ASPCA, NYC advocacy groups call for reforms to city's carriage horse industry
NEW YORK, N.Y. — A veterinarian suspended by The American Society for the Prevention of Cruelty to Animals (ASPCA) after clarifying her own comments about the death of a carriage horse still has not been in contact with her employer.
Nearly two months after Dr. Pamela Corey was caught in a conflict of interest over a statement released about the death of a New York City carriage horse, her husband, Mike Larson, says Corey still has not had any contact with ASPCA. Lawyers are now discussing the fate of Corey's position as director of equine veterinary services for the ASPCA Humane Law Enforcement Department—a post she has held since 2008.
In last month's exclusive interview with DVM Newsmagazine, Corey says she filed a complaint with the New York Attorney General's Office over the way the ordeal unfolded."It's a very horrible situation to be in," Corey says. "I really don't think anyone's opinion counts. I was supposed to be objective and that's not what was happening. Me, as the veterinary professional, was put in a really unconscionable position."
Corey's dilemma centers on an ASPCA statement about the death of a carriage horse. Corey implied the horse had been forced to work with painful maladies. At the request of the New York City Department of Health and Mental Hygiene—which licenses New York City's carriage horses—Corey clarified her statement by saying that the horse's owners likely didn't know about the condition. ASPCA then suspended Corey without pay. Corey says she doesn't want to resign from her position, but it could come to that.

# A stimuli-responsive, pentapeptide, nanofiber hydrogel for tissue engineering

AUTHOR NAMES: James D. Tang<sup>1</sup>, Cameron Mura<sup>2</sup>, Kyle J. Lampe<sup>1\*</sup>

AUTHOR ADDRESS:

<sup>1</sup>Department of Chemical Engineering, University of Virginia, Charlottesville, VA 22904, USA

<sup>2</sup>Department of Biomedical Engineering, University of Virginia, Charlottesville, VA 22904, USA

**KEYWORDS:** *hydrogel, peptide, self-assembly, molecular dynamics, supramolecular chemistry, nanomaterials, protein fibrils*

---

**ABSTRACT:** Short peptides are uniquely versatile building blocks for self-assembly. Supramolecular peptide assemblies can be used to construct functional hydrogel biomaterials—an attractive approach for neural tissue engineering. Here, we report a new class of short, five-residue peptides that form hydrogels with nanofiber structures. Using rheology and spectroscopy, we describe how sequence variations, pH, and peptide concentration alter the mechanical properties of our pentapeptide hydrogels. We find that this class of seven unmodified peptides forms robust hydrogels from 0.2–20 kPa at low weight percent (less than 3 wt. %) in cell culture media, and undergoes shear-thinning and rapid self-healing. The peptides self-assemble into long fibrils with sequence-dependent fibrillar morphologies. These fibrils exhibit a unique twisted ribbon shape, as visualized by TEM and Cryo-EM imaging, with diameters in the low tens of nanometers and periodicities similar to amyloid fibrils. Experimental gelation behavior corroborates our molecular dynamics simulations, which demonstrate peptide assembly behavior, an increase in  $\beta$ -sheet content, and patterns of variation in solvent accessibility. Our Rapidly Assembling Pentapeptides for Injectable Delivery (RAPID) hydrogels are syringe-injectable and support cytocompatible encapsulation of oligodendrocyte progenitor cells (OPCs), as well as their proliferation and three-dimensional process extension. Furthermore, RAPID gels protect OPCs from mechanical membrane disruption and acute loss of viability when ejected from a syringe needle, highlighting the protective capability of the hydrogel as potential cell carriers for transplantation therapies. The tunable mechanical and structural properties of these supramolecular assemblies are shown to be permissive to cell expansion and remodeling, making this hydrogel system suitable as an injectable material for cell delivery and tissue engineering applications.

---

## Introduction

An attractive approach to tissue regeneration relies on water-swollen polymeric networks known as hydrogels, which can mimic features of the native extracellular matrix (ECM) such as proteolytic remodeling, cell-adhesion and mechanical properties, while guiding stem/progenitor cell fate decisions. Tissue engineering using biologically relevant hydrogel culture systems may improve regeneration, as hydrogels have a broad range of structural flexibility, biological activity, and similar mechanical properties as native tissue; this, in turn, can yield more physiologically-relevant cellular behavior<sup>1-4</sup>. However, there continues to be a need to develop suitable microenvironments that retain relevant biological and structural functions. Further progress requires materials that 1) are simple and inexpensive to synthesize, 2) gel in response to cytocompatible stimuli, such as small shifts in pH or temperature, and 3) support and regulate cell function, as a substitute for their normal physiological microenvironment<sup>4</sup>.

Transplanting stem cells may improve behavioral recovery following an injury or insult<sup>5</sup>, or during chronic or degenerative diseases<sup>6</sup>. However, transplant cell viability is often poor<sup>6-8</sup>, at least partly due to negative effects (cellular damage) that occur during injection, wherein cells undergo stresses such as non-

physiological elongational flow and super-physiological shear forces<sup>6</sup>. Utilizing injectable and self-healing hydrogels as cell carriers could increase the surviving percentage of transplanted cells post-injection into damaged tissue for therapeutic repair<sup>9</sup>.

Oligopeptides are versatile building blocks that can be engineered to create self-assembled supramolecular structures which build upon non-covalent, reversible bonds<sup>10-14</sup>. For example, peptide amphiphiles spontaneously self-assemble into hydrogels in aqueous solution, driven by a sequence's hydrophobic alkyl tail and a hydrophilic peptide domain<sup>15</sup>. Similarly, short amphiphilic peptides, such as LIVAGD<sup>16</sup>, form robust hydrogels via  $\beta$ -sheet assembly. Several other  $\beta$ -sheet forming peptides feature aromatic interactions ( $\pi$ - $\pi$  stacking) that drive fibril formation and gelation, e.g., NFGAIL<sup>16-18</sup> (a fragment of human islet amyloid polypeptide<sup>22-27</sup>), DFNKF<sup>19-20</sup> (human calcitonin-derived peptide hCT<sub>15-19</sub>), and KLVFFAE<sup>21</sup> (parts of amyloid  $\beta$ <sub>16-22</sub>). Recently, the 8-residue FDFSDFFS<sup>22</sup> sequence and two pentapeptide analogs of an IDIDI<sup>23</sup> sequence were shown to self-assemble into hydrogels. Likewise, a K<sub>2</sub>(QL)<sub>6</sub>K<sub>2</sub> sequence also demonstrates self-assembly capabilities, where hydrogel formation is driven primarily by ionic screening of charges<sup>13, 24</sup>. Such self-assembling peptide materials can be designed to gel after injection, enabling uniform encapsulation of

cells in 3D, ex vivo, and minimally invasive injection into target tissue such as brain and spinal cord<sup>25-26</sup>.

In the meantime, ASCPA continues its march toward carriage-horse reforms, which include, at minimum, mandatory veterinary examinations.
A rally on Nov. 21, hosted by New Yorkers for Clean, Livable and Safe Streets, was organized to flaunt the collection of 55,000 signatures on a petition in favor of the passage of Intro 86A by New York City Council.
The bill calls for horse carriages to be replaced with electric-powered "horseless carriages" to replicate turn-of-the-century cars. Advocates say the legislation would transform the industry while maintaining jobs, generate revenue, attract tourists and aim to provide a better life for the city's carriage horses.
Cries for reform of the carriage-horse industry is in response to a string of horse-related incidents over the last five months, ASPCA says. In fact, ASPCA and New Yorkers for Clean, Livable and Safe Streets have compiled a list of reforms for the carriage-horse industry, including increased penalty for drivers working during a suspension, the ability to issue a preventive closure in advance of inclement weather or a city-wide state of emergency, restricting operations only to Central Park, and developing stricter regulations on the horses' working conditions.
Also, reforms call for certification of carriage horses, requiring a veterinarian's examination of each horse within three months of initial licensure. A second veterinary exam would be required when horses return from vacation prior to returning to work.
"Until we pass Intro 86A, at minimum we must ensure these necessary reforms are put in place and that the industry adheres to these basic principles," says Manhattan Borough Council member Sara Gonzales. "The recent collapses of carriage horses on our city streets attest to the urgent need for reform so these beautiful creatures are afforded the dignity they deserve."